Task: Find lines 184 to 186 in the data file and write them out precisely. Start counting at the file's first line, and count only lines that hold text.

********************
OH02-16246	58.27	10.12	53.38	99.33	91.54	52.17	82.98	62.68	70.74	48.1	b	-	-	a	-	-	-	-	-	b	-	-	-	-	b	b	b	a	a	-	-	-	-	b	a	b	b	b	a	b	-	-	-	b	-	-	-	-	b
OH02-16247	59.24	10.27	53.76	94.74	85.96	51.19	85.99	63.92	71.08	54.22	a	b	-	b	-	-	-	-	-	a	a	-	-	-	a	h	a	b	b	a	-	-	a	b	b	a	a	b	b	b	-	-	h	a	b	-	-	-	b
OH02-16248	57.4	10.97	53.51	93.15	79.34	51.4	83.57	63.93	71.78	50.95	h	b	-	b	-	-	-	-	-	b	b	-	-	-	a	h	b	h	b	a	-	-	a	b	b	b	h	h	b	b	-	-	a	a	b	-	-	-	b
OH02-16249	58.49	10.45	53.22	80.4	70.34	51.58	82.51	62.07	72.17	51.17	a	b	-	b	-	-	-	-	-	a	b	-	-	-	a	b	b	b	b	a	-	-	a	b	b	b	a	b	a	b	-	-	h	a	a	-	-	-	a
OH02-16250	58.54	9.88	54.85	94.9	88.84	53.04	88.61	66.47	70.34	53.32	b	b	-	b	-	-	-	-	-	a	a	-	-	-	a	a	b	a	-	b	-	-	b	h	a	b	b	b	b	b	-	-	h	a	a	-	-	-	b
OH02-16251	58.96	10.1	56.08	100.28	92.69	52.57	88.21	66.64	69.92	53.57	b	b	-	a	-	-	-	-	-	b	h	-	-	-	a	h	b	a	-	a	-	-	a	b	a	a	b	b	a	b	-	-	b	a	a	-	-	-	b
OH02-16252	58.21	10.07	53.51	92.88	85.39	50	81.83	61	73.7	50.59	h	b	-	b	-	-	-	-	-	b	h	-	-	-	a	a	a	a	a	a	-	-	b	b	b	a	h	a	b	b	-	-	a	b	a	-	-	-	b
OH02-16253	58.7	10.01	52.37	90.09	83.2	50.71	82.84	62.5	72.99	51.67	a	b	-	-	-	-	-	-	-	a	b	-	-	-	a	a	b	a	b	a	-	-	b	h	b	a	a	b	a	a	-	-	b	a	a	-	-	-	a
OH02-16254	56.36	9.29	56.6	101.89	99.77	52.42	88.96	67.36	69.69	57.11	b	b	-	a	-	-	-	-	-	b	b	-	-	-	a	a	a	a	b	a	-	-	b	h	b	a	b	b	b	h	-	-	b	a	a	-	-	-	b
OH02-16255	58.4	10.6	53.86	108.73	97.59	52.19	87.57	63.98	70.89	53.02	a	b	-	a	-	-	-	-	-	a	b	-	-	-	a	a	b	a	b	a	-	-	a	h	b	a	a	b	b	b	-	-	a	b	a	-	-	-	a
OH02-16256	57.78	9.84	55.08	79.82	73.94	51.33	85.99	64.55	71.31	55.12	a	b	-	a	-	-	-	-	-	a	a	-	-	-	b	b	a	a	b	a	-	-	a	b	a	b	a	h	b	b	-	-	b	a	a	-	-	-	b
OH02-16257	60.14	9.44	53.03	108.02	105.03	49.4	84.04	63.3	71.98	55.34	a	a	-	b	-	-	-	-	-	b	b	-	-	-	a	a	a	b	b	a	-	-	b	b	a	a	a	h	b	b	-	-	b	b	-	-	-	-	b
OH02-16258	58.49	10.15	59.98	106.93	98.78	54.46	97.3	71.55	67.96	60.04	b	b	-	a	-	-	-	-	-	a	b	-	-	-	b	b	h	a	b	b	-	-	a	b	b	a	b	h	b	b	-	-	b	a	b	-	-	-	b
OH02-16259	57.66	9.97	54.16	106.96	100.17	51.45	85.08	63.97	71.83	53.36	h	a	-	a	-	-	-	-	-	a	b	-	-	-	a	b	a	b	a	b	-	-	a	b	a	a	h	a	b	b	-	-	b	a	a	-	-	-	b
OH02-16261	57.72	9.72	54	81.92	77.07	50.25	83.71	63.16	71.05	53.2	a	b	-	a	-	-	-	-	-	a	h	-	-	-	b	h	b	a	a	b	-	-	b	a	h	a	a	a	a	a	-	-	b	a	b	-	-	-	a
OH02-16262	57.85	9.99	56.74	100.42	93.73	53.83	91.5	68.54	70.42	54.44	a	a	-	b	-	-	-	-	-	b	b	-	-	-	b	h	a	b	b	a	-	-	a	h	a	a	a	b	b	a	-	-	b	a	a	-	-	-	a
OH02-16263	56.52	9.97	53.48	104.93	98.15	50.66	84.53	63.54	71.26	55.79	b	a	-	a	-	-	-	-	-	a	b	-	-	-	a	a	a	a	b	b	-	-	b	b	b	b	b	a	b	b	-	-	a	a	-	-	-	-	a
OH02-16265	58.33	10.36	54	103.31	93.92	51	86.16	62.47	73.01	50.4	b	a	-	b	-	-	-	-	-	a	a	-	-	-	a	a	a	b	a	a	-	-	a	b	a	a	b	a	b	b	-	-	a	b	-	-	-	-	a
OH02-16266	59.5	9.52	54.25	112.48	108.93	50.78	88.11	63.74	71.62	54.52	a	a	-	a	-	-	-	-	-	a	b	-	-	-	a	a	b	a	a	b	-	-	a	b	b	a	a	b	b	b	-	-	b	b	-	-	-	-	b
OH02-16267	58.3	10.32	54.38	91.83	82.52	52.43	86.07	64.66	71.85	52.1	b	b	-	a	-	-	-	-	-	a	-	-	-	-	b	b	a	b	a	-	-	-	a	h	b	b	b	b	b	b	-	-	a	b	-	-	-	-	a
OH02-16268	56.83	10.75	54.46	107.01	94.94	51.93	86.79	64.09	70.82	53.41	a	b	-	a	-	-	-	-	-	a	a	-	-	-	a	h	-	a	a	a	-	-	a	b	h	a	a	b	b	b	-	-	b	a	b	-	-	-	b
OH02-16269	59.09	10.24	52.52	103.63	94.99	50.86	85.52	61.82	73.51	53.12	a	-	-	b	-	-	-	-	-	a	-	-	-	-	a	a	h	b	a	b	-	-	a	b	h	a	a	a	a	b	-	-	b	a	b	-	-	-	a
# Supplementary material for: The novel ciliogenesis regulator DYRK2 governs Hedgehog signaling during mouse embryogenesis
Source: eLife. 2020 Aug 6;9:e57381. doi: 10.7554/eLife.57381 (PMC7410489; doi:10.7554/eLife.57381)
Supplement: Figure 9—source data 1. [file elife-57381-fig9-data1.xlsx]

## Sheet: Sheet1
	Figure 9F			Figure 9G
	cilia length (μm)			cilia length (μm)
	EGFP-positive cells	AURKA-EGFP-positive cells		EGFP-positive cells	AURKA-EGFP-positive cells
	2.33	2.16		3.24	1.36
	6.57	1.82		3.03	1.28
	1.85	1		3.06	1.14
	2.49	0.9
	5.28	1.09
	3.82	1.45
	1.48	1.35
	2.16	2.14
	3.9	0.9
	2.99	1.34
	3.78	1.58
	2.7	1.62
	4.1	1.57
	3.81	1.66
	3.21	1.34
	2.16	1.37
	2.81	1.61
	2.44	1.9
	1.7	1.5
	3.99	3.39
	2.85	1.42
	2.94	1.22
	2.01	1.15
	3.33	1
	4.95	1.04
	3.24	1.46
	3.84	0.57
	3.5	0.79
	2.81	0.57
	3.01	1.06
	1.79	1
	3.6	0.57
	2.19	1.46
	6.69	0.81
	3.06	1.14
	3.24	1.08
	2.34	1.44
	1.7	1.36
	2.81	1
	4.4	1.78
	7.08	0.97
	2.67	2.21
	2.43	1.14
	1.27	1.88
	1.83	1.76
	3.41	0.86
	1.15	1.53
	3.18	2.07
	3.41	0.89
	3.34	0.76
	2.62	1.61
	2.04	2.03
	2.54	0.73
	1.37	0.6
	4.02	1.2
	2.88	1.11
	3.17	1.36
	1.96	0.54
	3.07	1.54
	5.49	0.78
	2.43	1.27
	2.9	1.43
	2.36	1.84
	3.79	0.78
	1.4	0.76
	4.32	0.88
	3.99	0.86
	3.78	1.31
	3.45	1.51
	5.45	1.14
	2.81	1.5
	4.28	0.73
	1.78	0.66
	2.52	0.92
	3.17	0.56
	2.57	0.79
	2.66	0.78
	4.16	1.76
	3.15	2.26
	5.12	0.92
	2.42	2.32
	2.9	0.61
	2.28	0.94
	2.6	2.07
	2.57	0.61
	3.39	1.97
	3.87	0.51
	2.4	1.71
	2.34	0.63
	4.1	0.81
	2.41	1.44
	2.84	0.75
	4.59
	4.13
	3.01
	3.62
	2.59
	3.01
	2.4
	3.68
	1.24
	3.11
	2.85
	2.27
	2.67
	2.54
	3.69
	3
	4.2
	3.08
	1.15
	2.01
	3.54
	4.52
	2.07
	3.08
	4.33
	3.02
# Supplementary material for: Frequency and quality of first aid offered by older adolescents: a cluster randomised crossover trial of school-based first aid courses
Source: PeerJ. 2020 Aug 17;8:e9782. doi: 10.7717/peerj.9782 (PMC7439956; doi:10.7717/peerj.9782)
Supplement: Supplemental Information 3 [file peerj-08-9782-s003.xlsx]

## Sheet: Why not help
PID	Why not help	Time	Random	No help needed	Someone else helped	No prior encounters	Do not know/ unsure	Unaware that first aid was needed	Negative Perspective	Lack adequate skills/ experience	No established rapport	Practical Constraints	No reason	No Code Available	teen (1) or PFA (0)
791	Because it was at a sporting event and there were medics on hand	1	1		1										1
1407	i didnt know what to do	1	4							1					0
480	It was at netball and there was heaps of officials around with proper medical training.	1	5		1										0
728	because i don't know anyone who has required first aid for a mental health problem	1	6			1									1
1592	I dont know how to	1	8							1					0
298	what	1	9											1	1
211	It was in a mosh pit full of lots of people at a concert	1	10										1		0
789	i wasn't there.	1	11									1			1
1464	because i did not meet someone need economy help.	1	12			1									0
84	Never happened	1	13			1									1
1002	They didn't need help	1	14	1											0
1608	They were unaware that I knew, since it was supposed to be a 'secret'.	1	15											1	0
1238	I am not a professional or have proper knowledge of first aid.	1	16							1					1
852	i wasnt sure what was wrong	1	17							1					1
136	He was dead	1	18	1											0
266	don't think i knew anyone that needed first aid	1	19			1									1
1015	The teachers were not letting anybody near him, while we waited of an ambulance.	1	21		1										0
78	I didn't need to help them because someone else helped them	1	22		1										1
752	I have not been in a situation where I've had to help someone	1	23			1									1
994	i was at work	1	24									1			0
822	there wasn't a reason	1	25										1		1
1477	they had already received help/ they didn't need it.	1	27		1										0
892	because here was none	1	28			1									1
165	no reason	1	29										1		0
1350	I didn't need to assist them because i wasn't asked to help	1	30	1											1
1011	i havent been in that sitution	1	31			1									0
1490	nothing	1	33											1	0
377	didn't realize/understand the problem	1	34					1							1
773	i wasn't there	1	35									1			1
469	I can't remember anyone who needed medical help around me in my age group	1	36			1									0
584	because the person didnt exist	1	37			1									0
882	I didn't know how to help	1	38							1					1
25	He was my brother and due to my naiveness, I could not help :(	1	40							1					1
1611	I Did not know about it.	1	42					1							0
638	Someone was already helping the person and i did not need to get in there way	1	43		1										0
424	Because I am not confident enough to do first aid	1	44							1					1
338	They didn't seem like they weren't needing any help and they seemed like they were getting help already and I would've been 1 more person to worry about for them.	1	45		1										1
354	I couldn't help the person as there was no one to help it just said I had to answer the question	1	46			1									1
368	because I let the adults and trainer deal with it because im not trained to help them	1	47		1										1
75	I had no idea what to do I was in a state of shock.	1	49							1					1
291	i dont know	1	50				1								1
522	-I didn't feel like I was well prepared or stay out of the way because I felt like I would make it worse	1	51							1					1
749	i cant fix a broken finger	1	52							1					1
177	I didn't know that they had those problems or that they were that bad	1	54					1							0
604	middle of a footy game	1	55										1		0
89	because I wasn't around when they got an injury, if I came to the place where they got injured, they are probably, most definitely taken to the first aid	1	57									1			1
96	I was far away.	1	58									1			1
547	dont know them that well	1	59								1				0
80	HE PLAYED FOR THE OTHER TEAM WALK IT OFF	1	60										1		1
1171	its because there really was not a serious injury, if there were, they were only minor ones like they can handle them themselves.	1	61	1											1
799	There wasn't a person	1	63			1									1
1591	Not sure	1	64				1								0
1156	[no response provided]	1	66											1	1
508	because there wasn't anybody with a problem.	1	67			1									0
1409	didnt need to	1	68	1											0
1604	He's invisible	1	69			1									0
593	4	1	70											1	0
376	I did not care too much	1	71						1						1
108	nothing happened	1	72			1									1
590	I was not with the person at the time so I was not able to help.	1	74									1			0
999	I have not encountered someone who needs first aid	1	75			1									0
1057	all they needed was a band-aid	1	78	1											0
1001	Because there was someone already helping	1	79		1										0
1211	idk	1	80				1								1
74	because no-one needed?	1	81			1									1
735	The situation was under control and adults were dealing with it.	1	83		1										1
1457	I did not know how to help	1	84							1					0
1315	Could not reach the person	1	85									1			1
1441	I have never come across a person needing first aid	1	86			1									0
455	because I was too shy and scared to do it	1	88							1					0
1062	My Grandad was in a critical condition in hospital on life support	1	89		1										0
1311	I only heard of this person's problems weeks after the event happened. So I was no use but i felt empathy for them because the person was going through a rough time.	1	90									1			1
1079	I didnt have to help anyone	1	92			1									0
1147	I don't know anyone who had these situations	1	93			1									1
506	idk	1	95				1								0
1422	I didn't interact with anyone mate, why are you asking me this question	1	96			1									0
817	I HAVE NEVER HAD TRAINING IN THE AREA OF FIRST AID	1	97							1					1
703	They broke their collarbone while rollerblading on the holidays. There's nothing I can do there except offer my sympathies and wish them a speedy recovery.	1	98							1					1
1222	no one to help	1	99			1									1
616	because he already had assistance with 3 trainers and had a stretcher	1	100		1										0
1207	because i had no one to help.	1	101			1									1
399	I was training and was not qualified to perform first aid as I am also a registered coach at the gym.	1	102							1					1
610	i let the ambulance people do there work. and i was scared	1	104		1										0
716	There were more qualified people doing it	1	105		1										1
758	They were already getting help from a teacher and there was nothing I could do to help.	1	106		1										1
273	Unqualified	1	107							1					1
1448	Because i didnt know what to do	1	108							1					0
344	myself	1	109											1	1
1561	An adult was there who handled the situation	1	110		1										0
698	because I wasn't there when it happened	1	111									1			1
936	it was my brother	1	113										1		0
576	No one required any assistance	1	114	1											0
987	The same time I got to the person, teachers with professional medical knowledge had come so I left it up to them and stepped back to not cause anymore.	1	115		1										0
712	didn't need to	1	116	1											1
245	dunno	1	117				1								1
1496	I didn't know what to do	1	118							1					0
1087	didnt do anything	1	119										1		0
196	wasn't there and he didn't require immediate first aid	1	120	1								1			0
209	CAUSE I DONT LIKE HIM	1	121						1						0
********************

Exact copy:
882	I didn't know how to help	1	38							1					1
25	He was my brother and due to my naiveness, I could not help :(	1	40							1					1
1611	I Did not know about it.	1	42					1							0